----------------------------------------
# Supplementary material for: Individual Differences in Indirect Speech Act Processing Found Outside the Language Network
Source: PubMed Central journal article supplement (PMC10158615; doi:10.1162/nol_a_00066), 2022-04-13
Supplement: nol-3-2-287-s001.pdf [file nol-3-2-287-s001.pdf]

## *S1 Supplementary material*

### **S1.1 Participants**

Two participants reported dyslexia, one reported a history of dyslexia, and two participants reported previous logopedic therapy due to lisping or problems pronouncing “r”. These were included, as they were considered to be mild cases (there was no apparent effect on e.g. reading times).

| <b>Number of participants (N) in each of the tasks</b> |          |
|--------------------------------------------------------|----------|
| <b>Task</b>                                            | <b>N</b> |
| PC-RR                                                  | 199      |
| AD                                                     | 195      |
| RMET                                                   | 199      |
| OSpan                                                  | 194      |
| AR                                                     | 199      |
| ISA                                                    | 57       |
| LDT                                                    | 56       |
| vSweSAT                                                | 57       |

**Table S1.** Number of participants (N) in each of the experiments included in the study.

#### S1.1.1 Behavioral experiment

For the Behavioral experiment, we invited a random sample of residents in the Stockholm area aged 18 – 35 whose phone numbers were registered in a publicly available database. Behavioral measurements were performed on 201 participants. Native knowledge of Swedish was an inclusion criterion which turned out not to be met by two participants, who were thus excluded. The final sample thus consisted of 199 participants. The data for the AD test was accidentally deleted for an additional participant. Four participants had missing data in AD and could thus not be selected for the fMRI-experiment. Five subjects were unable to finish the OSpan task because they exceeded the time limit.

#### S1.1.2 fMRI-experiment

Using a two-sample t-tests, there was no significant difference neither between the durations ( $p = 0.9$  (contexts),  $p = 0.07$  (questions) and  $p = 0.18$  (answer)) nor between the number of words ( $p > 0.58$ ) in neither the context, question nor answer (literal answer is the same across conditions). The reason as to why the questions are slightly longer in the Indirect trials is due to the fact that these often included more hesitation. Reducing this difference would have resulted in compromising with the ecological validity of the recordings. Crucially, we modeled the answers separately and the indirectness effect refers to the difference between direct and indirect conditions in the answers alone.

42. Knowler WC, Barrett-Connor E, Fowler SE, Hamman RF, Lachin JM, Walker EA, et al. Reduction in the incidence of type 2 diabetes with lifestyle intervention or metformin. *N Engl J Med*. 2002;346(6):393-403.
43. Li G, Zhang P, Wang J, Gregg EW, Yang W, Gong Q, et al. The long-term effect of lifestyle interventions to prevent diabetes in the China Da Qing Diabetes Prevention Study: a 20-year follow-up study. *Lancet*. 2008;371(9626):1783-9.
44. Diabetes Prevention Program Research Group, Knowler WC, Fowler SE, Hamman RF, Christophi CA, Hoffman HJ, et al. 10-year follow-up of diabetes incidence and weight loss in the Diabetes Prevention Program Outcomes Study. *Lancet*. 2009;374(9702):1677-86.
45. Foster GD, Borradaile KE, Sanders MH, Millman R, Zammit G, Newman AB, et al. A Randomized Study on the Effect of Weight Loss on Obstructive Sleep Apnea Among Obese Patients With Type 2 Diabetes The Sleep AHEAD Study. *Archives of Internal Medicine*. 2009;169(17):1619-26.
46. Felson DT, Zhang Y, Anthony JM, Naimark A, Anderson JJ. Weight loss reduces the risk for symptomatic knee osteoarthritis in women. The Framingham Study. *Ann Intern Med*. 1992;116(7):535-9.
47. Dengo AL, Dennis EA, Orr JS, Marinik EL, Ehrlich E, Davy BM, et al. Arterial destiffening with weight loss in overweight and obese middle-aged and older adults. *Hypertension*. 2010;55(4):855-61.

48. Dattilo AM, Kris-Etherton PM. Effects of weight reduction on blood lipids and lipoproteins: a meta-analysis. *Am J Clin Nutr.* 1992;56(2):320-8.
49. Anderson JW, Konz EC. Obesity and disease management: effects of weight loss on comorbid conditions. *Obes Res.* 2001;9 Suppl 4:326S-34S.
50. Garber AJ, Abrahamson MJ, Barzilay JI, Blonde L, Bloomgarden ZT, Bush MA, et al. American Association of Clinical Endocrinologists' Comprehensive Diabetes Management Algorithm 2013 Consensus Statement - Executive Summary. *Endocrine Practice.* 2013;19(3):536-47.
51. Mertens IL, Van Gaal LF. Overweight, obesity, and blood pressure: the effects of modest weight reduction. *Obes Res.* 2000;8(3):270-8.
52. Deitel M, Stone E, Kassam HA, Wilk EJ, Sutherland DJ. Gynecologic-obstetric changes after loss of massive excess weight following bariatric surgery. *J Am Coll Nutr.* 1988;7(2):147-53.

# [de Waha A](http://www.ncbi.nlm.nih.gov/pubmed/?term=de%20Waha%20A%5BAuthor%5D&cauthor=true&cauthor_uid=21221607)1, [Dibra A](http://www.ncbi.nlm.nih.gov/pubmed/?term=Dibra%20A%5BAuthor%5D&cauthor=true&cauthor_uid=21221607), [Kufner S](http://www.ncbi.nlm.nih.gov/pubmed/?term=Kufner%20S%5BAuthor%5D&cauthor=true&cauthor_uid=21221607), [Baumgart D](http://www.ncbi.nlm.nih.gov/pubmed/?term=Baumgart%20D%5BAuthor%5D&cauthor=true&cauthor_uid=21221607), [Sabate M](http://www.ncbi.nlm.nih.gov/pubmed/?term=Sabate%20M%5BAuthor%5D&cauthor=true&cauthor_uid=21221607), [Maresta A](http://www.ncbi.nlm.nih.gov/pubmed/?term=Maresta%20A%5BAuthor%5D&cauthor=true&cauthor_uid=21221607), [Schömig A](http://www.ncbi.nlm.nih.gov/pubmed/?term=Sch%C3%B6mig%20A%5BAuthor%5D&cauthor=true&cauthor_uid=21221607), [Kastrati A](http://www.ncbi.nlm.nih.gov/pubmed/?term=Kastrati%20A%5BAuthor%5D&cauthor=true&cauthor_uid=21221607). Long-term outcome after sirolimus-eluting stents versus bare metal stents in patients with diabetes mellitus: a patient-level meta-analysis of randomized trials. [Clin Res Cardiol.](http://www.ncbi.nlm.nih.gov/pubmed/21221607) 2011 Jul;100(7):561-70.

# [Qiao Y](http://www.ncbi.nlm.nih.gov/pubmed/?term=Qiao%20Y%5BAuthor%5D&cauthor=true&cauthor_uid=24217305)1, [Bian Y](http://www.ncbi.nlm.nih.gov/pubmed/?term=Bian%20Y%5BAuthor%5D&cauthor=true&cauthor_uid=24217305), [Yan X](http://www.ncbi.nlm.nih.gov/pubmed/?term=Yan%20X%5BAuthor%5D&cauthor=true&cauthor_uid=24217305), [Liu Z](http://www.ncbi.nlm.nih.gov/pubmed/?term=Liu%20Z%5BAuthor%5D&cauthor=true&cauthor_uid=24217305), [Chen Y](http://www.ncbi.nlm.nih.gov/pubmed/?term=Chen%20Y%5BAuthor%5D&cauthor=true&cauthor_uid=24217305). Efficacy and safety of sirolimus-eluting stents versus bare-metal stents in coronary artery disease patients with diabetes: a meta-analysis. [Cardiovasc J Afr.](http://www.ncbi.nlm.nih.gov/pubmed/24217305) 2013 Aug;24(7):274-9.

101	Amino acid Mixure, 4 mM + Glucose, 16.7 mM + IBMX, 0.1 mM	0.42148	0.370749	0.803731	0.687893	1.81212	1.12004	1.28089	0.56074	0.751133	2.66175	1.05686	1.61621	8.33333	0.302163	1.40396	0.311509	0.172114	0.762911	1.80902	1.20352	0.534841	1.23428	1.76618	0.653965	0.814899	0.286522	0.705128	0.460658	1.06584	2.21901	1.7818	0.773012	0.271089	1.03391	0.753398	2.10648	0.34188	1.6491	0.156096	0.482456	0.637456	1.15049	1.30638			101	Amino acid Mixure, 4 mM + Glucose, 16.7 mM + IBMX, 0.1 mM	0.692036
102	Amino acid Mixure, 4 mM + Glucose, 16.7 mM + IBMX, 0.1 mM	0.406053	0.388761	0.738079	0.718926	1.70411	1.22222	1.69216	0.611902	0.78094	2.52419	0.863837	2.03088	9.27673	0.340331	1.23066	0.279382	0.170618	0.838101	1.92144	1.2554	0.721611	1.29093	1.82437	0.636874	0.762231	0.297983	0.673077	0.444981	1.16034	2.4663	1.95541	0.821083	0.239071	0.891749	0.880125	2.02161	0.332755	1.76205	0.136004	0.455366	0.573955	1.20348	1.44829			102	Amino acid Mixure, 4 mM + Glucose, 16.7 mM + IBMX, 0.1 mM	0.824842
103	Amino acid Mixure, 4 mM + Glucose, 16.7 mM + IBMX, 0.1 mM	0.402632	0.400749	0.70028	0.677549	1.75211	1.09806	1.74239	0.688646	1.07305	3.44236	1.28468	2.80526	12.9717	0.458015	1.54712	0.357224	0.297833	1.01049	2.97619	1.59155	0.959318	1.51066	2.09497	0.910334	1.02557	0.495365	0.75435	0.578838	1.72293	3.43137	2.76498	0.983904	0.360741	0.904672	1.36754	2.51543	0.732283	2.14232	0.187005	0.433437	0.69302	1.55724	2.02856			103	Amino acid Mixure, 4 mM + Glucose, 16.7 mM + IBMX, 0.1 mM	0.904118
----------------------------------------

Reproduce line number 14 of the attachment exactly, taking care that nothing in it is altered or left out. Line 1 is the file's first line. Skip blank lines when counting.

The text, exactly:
| AR                                                     | 199      |